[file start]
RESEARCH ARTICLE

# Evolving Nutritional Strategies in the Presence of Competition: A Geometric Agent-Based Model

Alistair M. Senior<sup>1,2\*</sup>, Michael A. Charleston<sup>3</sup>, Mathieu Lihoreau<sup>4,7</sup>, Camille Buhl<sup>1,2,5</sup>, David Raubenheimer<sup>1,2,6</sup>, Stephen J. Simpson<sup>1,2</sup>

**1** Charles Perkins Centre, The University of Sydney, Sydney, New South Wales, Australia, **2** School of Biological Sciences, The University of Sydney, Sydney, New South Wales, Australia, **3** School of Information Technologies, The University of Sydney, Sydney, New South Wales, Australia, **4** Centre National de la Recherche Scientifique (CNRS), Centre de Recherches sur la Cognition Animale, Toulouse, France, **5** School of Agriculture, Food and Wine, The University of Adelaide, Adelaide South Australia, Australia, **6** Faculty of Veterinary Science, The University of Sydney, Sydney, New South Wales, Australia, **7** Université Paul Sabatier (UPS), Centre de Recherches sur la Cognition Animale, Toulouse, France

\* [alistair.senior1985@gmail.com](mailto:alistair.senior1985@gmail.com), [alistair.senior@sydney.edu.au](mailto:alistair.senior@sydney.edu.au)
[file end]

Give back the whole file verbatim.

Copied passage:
RESEARCH ARTICLE

# Evolving Nutritional Strategies in the Presence of Competition: A Geometric Agent-Based Model

Alistair M. Senior<sup>1,2\*</sup>, Michael A. Charleston<sup>3</sup>, Mathieu Lihoreau<sup>4,7</sup>, Camille Buhl<sup>1,2,5</sup>, David Raubenheimer<sup>1,2,6</sup>, Stephen J. Simpson<sup>1,2</sup>

**1** Charles Perkins Centre, The University of Sydney, Sydney, New South Wales, Australia, **2** School of Biological Sciences, The University of Sydney, Sydney, New South Wales, Australia, **3** School of Information Technologies, The University of Sydney, Sydney, New South Wales, Australia, **4** Centre National de la Recherche Scientifique (CNRS), Centre de Recherches sur la Cognition Animale, Toulouse, France, **5** School of Agriculture, Food and Wine, The University of Adelaide, Adelaide South Australia, Australia, **6** Faculty of Veterinary Science, The University of Sydney, Sydney, New South Wales, Australia, **7** Université Paul Sabatier (UPS), Centre de Recherches sur la Cognition Animale, Toulouse, France

\* [alistair.senior1985@gmail.com](mailto:alistair.senior1985@gmail.com), [alistair.senior@sydney.edu.au](mailto:alistair.senior@sydney.edu.au)